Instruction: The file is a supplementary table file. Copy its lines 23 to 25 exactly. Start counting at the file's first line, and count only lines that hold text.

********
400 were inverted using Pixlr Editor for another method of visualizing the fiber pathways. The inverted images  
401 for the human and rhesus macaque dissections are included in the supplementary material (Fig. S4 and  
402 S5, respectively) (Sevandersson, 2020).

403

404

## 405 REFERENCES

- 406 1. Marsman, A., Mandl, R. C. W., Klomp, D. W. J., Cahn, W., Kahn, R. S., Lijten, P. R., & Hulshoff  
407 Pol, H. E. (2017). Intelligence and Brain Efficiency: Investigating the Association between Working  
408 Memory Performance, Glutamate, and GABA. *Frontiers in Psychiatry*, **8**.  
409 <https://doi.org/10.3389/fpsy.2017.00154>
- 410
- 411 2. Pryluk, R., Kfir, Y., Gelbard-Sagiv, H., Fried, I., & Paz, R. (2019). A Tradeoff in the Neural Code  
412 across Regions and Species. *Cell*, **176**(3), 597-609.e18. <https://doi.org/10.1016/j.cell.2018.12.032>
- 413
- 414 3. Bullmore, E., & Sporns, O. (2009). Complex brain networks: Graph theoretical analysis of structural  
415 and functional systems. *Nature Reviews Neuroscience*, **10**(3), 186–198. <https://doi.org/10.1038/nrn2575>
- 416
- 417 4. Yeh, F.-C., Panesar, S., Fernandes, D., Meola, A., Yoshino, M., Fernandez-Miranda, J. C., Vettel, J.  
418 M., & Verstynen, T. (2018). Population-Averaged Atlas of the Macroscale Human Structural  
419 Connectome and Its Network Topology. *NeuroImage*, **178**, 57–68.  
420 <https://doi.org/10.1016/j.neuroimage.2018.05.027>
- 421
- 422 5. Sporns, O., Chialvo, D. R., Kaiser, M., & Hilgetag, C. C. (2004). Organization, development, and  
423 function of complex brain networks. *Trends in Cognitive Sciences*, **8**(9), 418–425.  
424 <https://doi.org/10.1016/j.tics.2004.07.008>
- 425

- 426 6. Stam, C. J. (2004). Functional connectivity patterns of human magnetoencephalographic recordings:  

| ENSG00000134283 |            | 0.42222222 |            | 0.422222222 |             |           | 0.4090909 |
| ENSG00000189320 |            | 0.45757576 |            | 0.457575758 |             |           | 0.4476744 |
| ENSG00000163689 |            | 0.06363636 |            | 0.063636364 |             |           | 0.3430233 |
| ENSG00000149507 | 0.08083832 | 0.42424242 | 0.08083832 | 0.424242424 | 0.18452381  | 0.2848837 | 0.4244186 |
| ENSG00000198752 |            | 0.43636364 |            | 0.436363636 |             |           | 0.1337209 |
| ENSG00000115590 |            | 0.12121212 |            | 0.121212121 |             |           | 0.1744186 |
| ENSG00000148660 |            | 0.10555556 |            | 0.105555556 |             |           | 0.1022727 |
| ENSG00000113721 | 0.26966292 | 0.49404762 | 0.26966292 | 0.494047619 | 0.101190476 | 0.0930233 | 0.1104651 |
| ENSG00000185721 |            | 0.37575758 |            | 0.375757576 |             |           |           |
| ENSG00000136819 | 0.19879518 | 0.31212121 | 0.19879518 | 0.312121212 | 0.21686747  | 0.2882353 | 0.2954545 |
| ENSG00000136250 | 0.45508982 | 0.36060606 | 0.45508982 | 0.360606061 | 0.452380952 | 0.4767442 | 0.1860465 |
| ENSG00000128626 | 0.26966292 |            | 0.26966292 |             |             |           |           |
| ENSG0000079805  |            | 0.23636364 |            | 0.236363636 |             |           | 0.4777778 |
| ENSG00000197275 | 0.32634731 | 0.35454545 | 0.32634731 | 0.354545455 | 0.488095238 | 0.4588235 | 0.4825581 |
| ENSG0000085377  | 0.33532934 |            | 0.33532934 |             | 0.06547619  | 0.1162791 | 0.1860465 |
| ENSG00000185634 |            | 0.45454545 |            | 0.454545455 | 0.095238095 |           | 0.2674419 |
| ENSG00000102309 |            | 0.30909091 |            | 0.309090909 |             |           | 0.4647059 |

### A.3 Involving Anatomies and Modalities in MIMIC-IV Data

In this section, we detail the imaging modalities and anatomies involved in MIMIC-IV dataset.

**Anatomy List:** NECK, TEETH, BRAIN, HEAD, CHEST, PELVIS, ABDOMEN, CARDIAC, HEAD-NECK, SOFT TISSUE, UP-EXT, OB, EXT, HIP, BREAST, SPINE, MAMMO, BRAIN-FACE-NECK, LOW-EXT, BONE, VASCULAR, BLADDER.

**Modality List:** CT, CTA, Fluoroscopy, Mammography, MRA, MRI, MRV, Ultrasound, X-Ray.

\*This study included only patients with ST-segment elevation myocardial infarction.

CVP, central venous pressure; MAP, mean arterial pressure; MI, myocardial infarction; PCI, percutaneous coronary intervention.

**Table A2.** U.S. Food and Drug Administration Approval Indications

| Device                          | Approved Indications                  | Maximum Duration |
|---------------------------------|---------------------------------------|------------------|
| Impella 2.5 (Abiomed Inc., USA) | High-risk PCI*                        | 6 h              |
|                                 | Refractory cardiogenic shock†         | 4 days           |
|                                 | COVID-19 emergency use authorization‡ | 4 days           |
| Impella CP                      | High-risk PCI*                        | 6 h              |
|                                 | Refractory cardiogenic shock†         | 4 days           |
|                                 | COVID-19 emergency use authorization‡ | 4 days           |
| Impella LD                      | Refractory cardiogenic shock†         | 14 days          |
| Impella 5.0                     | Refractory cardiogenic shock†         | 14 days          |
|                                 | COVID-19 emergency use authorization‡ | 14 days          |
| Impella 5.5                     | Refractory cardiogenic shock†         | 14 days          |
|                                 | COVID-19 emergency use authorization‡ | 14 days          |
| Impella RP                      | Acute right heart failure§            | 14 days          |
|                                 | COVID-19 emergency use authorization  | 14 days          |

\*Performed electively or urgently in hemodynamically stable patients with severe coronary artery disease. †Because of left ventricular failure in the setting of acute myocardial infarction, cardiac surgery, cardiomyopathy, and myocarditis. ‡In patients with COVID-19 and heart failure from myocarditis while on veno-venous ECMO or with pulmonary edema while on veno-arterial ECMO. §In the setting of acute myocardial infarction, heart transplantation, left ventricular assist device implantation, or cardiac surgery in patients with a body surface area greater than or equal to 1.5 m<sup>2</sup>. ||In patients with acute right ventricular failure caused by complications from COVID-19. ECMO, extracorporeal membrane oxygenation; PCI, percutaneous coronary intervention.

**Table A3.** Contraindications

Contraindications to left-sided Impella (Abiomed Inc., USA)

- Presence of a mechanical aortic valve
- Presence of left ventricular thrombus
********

- 422 5. Sporns, O., Chialvo, D. R., Kaiser, M., & Hilgetag, C. C. (2004). Organization, development, and  
423 function of complex brain networks. *Trends in Cognitive Sciences*, **8**(9), 418–425.  
424 <https://doi.org/10.1016/j.tics.2004.07.008>